Friday, January 22, 2016

The Majority Doesn't Agree with You

Paul Krugman:
Still, there are some currents in our political life that do run through both parties. And one of them is the persistent delusion that a hidden majority of American voters either supports or can be persuaded to support radical policies, if only the right person were to make the case with sufficient fervor.

You see this on the right among hard-line conservatives, who insist that only the cowardice of Republican leaders has prevented the rollback of every progressive program instituted in the past couple of generations. Actually, you also see a version of this tendency among genteel, country-club-type Republicans, who continue to imagine that they represent the party’s mainstream even as polls show that almost two-thirds of likely primary voters support Mr. Trump, Mr. Cruz or Ben Carson.

Meanwhile, on the left there is always a contingent of idealistic voters eager to believe that a sufficiently high-minded leader can conjure up the better angels of America’s nature and persuade the broad public to support a radical overhaul of our institutions. In 2008 that contingent rallied behind Mr. Obama; now they’re backing Mr. Sanders, who has adopted such a purist stance that the other day he dismissed Planned Parenthood (which has endorsed Hillary Clinton) as part of the “establishment.”

But as Mr. Obama himself found out as soon as he took office, transformational rhetoric isn’t how change happens. That’s not to say that he’s a failure. On the contrary, he’s been an extremely consequential president, doing more to advance the progressive agenda than anyone since L.B.J. Yet his achievements have depended at every stage on accepting half loaves as being better than none.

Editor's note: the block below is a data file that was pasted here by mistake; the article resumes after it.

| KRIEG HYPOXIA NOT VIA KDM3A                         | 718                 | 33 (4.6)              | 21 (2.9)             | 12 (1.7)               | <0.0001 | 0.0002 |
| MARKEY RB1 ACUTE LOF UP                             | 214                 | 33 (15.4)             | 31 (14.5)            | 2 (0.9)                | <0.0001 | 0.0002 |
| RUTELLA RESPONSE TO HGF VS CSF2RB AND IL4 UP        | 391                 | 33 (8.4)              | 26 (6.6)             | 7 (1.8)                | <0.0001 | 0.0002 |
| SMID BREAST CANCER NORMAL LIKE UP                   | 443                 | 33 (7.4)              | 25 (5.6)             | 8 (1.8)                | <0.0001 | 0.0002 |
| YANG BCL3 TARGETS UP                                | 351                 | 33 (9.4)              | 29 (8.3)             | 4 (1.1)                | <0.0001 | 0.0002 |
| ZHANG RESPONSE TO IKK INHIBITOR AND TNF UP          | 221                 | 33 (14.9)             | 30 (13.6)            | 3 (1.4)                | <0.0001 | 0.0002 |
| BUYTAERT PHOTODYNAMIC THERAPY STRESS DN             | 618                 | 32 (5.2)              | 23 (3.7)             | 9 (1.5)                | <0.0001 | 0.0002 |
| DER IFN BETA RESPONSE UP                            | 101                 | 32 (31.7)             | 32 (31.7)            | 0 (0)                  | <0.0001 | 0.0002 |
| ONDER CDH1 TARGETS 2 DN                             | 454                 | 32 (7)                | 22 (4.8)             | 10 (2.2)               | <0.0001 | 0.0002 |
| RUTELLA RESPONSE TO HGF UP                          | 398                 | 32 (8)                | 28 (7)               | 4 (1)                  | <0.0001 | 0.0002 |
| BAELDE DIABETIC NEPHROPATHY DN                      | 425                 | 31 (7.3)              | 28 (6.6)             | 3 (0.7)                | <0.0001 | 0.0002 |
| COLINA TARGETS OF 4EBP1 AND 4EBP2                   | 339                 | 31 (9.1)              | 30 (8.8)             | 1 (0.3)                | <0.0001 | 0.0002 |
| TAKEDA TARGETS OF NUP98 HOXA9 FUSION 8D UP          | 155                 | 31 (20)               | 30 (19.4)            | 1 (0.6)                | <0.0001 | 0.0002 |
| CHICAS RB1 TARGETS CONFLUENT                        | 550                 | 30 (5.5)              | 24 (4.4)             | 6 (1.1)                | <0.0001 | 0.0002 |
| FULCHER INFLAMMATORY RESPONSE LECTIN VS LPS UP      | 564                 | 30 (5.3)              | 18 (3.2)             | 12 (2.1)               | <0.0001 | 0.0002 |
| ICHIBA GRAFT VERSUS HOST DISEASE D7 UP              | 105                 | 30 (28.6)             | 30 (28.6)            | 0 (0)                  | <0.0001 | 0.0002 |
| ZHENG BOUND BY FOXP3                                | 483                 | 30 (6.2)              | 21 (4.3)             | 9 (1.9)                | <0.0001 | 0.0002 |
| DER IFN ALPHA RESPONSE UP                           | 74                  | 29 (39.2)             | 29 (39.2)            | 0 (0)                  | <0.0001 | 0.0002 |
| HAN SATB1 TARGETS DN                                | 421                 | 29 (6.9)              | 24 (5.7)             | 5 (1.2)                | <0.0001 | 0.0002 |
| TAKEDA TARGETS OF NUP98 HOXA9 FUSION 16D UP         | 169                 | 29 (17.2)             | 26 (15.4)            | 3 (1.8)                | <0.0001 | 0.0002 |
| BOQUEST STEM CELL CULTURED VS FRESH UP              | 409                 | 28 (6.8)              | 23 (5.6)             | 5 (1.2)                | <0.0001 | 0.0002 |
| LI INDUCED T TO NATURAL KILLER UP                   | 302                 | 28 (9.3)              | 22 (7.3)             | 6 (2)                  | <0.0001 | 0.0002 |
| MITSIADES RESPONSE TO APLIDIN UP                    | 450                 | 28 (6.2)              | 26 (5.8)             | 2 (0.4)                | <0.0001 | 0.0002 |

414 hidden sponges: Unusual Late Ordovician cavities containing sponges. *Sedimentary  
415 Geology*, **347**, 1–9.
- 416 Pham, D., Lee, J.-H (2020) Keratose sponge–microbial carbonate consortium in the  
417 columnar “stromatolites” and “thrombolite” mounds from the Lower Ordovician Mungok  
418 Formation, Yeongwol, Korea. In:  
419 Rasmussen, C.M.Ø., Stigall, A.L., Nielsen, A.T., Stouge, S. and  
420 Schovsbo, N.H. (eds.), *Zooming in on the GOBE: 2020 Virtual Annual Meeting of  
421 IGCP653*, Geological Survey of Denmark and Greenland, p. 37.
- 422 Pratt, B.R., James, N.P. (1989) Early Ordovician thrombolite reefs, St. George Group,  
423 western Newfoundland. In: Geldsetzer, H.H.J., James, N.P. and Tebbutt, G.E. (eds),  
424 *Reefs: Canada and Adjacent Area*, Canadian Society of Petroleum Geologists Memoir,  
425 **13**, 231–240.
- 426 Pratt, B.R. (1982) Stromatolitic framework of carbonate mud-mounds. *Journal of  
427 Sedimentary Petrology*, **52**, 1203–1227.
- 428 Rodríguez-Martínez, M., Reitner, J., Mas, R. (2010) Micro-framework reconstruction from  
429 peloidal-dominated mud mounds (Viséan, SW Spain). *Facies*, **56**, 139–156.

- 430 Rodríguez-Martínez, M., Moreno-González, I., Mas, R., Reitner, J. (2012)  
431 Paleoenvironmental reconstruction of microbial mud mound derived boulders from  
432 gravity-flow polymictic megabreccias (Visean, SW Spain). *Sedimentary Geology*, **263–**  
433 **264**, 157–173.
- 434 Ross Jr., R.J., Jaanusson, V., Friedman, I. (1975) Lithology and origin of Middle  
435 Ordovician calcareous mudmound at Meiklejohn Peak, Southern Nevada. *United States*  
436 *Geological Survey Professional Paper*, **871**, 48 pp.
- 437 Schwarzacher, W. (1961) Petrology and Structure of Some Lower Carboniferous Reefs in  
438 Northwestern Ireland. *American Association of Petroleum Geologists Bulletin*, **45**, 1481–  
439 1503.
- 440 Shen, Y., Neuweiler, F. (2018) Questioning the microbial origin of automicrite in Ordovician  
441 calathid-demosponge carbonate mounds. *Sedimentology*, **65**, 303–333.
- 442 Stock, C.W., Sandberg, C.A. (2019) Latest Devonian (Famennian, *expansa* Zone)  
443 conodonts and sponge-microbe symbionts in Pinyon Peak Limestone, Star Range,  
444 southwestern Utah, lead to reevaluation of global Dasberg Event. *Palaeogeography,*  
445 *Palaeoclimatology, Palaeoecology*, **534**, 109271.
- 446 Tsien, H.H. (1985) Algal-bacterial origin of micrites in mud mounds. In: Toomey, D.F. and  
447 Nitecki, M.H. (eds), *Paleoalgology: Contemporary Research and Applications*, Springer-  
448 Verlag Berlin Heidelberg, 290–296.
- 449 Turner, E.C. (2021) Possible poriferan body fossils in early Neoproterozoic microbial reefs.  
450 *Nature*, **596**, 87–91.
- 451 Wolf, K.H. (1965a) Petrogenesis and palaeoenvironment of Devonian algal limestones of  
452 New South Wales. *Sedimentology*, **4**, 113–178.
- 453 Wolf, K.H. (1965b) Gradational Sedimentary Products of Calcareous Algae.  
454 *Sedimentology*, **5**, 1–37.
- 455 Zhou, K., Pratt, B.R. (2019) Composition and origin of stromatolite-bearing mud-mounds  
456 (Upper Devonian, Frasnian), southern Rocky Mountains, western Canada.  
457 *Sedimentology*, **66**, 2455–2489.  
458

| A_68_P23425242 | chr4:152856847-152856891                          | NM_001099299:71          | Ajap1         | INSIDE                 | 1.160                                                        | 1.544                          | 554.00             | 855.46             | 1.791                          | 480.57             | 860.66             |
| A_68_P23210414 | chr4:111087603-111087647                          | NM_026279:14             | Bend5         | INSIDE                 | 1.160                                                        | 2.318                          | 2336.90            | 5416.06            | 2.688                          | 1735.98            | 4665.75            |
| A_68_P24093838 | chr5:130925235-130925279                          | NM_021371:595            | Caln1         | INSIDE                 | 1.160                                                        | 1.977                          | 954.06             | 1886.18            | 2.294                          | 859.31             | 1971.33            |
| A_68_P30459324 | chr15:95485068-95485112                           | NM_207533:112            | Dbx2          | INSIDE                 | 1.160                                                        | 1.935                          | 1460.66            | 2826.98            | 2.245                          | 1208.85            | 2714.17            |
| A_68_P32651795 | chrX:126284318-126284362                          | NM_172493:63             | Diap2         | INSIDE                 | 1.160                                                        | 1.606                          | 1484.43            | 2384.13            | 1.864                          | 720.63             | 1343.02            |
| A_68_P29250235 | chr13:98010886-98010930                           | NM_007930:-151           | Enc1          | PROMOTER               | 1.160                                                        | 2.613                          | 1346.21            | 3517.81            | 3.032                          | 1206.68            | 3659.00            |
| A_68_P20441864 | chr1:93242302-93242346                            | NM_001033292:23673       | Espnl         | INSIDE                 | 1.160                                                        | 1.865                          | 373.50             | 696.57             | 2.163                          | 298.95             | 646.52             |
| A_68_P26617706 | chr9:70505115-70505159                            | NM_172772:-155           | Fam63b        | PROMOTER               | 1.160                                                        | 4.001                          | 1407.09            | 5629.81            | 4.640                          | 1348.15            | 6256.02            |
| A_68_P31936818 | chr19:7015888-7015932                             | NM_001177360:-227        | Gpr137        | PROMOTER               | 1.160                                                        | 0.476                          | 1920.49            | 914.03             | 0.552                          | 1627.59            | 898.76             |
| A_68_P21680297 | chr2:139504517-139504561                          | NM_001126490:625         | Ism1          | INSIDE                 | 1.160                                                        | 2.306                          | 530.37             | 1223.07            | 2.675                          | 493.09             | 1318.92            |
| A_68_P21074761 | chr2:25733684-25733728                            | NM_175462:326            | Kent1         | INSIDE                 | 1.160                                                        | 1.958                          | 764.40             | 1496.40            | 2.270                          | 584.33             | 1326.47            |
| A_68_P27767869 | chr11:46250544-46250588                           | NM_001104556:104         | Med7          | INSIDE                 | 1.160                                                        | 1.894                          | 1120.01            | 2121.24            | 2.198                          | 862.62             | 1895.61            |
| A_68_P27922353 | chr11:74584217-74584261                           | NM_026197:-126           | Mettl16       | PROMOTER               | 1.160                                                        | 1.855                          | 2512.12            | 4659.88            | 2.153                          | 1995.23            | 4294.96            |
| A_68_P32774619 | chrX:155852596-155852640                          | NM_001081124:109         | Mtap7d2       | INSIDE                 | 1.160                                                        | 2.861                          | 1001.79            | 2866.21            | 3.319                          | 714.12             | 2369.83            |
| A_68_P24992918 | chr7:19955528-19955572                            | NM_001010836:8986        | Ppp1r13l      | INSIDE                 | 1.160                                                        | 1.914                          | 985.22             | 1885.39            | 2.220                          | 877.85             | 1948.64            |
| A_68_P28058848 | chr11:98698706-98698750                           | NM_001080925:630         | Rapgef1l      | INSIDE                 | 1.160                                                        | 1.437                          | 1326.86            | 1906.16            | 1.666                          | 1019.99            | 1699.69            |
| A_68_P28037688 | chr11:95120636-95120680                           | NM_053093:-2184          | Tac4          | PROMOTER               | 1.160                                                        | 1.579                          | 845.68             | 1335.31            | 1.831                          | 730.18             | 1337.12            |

There is simply no evidence that a majority of Americans supports any radial change in the system.

Nor is there any evidence that a sufficiently loud or skillful bully pulpit could do more than nudge the national mood a fraction of a point. Bernie Sanders is always saying that if we could just get the billionaires out of politics, "the people" would rise up and demand change. But the most important grass-roots movement in recent American politics has been the Tea Party. Sanders has plenty of fans among the poor, but so does Sarah Palin.

Politically, we are a divided country, and always have been. Fantasies of radical change --"realignment," "revolution," "real conservatism" -- are just that. Forget them.

The good news is that change is still possible, but it has to be achieved one painfully ground-out little victory at a time.

1 comment:

G. Verloren said...

I've had friends and acquaintances over the years who leaned toward the radical left, notably a few ostensible anarchists who scoffed at my overall preference for reformism.

Our discussions were always friendly, but I could never understand how they convinced themselves that the major social upheaval they professed support for could be 1) more beneficial than detrimental and 2) even remotely possible

Ultimately I came to believe that our personal fields of study were perhaps the biggest factors in determining our differences in opinion. I've studied history intensely, so I've observed the patterns and progressions of human society in countless different places and time periods. In contrast, most of the anarchists I knew were best versed in philosophy, religious studies, or literature. (With an odd undercurrent of occultism between most of them, but I figure that's probably an isolated fluke.)